No evidentiary hearing, no problem
By Phillip Bantz, South Carolina Lawyers Weekly
Trial judges can skip past full-blown evidentiary hearings and witness testimony and jump right into deciding whether a defendant is entitled to self-defense immunity under South Carolina’s version of the “stand your ground” law, according to a decision that divided the former and current leaders of the state’s Supreme Court.
The Sept. 7 opinion in State v. Manning could allow prosecutors to argue that judges need not hear from any witnesses before deciding if a defendant acted in self-defense, according to Columbia-based appellate defense lawyer Elizabeth Franklin-Best.
She wrote in a blog post that Manning is “not good news on the Castle Doctrine front and likely to promote additional litigation on the issue in every case where the issue arises.”
“Every appeal will raise abuse of discretion and due process claims … ad infinitum,” Franklin-Best concluded. She was not involved with Manning’s case.
The decision overturned an earlier ruling from the Court of Appeals, which had sent the matter back to the trial court for a full evidentiary hearing – after Manning was convicted of voluntary manslaughter.
He had argued that he was entitled to immunity under the Protection of Persons and Property Act, asserting that he feared for his life when he shot his girlfriend in the head during a dispute inside his home. He testified that he pulled the trigger as she lunged for a gun that he had wrestled away from her moments earlier.
Manning planned to have a forensic ballistics expert testify in support of his self-defense theory prior to his trial, but Richland County Circuit Judge G. Thomas Cooper denied Manning’s pretrial motion for immunity without hearing from the expert or any other witnesses. Cooper based his ruling on Manning’s statements to police and arguments from the prosecution and defense.
When the Court of Appeals first considered Manning’s case, it affirmed Cooper’s ruling after finding that the stand your ground law applied only to self-defense killings involving intruders, but not houseguests.
The court later reversed itself in an unpublished opinion based solely on Cooper’s decision to deny Manning’s request for an evidentiary hearing prior to determining that he could be prosecuted for killing his girlfriend.
In reversing the Court of Appeals, former Supreme Court Chief Justice Jean Toal, serving as an acting justice, held that judges have the discretion to determine whether a defendant should have an evidentiary hearing. She affirmed Cooper’s ruling under an abuse of discretion standard.
“Not only does this approach permit the trial judge to tailor the hearing to the needs of each case, but it serves to save precious judicial resources in cases like this one where an extensive hearing is simply unnecessary,” Toal wrote. Justices Donald Beatty, John Kittredge and Kaye Hearn concurred.
The majority decision has roots in two earlier opinions from the high court. Duncan established in 2011 that immunity “must be decided prior to trial,” but the opinion was silent as to whether a judge had to hold a full evidentiary hearing before making the decision. Three years later, the court held in Wessinger that judges did not have to hold evidentiary hearings before determining whether a crime was sexually violent.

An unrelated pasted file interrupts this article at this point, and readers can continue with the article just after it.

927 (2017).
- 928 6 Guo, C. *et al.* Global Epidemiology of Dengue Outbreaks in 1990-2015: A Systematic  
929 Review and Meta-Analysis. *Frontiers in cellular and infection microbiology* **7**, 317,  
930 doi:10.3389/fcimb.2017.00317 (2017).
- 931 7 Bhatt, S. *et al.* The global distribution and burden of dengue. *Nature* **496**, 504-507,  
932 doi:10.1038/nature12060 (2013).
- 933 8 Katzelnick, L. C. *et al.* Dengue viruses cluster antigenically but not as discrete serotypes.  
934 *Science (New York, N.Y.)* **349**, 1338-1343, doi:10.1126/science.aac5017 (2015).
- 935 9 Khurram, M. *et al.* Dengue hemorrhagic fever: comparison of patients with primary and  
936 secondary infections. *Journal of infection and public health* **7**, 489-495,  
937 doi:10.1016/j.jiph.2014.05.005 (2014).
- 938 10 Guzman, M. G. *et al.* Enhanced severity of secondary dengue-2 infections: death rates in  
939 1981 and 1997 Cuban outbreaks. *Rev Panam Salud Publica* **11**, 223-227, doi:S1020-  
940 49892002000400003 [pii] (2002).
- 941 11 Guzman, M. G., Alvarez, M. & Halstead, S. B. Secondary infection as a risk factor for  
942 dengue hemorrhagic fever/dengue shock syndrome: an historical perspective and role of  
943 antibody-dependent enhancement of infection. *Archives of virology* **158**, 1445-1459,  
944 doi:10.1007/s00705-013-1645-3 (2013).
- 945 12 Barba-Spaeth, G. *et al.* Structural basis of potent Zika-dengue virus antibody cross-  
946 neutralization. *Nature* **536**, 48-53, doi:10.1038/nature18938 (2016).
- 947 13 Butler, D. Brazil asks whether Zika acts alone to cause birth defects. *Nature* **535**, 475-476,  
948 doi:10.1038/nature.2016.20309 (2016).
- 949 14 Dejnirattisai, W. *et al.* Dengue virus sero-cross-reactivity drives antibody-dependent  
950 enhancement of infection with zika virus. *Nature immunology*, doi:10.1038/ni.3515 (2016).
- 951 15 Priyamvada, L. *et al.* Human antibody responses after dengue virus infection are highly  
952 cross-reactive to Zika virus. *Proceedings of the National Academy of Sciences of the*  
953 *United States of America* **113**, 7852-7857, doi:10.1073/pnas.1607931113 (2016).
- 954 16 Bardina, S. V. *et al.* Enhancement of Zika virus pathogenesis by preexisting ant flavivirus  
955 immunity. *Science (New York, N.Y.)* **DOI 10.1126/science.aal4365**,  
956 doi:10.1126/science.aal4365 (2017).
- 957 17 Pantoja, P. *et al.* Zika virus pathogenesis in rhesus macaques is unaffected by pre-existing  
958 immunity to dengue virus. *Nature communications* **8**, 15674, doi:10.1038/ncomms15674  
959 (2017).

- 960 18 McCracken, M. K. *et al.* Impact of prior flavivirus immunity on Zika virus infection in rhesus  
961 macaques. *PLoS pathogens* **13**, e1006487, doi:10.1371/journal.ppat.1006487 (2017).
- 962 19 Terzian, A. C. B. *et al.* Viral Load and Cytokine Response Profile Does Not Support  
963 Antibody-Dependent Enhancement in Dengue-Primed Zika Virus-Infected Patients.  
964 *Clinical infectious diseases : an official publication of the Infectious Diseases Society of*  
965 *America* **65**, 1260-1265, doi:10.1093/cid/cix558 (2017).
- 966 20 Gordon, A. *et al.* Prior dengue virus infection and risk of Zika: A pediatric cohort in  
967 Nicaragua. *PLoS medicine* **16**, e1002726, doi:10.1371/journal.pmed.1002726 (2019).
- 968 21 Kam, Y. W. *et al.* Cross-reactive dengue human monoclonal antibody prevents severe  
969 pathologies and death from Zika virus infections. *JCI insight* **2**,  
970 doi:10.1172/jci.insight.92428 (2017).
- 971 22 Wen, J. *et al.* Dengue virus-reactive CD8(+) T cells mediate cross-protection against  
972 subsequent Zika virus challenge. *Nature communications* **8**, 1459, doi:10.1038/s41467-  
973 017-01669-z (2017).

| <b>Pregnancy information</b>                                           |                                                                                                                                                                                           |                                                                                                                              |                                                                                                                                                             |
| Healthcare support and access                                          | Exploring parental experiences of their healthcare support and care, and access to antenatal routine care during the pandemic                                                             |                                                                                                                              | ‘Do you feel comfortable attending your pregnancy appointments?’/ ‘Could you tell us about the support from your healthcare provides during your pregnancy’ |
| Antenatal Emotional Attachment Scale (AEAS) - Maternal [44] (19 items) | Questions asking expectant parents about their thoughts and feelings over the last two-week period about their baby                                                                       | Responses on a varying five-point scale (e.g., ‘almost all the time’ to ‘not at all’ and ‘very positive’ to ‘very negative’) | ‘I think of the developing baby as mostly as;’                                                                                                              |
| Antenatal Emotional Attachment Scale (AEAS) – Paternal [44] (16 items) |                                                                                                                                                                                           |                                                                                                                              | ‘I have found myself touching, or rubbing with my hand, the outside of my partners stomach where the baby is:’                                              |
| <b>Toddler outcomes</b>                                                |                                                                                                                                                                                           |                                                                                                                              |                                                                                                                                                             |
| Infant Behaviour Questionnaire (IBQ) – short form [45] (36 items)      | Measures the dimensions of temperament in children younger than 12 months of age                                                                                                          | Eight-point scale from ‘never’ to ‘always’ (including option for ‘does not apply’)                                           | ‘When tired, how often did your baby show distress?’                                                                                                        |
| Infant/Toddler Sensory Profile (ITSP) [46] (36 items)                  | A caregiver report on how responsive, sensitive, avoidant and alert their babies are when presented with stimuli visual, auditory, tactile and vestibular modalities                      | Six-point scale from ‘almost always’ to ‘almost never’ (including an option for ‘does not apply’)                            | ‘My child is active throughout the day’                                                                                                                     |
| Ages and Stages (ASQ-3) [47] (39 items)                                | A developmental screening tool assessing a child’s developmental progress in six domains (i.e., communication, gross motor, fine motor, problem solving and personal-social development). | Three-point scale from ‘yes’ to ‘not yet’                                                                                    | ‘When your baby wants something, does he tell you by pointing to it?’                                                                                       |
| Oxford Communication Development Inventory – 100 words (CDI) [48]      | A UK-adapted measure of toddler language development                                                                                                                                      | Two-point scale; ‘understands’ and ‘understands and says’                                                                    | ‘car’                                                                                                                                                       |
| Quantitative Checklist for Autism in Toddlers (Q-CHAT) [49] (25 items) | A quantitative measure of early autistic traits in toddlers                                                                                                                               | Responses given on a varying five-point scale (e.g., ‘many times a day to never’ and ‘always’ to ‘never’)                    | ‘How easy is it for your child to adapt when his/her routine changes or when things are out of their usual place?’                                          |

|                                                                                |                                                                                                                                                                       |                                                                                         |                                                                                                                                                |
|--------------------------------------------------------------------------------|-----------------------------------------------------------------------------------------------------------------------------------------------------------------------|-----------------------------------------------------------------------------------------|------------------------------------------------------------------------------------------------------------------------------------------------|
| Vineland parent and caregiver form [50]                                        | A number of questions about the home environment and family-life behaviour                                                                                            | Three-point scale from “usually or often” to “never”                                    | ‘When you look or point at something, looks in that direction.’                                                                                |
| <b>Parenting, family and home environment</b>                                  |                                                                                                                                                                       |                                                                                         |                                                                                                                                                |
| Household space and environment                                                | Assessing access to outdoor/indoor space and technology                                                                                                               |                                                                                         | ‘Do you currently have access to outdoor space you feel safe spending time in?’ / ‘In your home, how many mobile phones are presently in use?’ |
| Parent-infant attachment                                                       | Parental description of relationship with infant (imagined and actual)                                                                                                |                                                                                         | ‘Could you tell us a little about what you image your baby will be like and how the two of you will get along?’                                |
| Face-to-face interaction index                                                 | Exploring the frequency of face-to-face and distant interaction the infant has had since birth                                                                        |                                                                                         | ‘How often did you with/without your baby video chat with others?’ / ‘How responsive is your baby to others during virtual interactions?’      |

But Toal’s successor, Chief Justice Costa Pleicones, wrote in his dissent that Wessinger, which interpreted the state’s Sexually Violent Predator Act, was inapplicable to stand your ground cases.
“Since the SVP designation rests completely in the trial judge’s discretion, it is not surprising that the decision to hold an evidentiary hearing is made on a case-by-case basis,” he wrote. “The [Protection of Persons and Property] Act, on the other hand, requires a motion by a party, and places on the defendant the burden of proving entitlement to immunity by a preponderance of evidence.”
Pleicones added that the majority’s finding that Manning was given a sufficient hearing “glosses over” the fact that Cooper had denied Manning the opportunity to call an expert witness before finding that he was not entitled to immunity. He wrote that the record in Manning’s case “belies the fact that there was any evidentiary hearing afforded to [Manning], much less a ‘sufficient’ one.”
Assistant State Attorney General William Blitch of Columbia had argued in the state’s brief that holding an evidentiary hearing was unnecessary in Manning’s case because the facts were straightforward and uncontested.
“Nothing in the Act, or in Duncan, requires a specific type of hearing or a specific procedure for the hearing,” he wrote.
Manning’s attorneys, Luke Shealy and Elizabeth Pringle of Columbia, noted that the state’s appellate courts had never ruled that a “full evidentiary hearing is not what was intended to determine immunity under the Act.”
Not until now.
Shealy and Pringle declined an interview request following Manning’s loss at the Supreme Court.
But they wrote in Manning’s brief that trial judges should be “instructed to decide claims for immunity after hearing competent evidence from the witness stand, and not simply arguments from lawyers regarding their opinions of the evidence.”
Unlike Franklin-Best, Charles Grose, a criminal defense lawyer in Greenwood, was not concerned about the ramifications of Manning. He doubted that the decision would prevent most defendants from receiving evidentiary hearings on their self-defense claims.
“As long as the judge handles it in a manner that is not an abuse of discretion, it looks like they’re [the appellate courts] going to affirm, which makes sense,” he said. “If a judge were presented with a different set of facts that clearly implicated [stand your ground] and ruled against somebody without a hearing, then that would probably be reversed for abuse of discretion.”
He added, “I think it’s good to have judges that have discretion to determine how to handle matters.”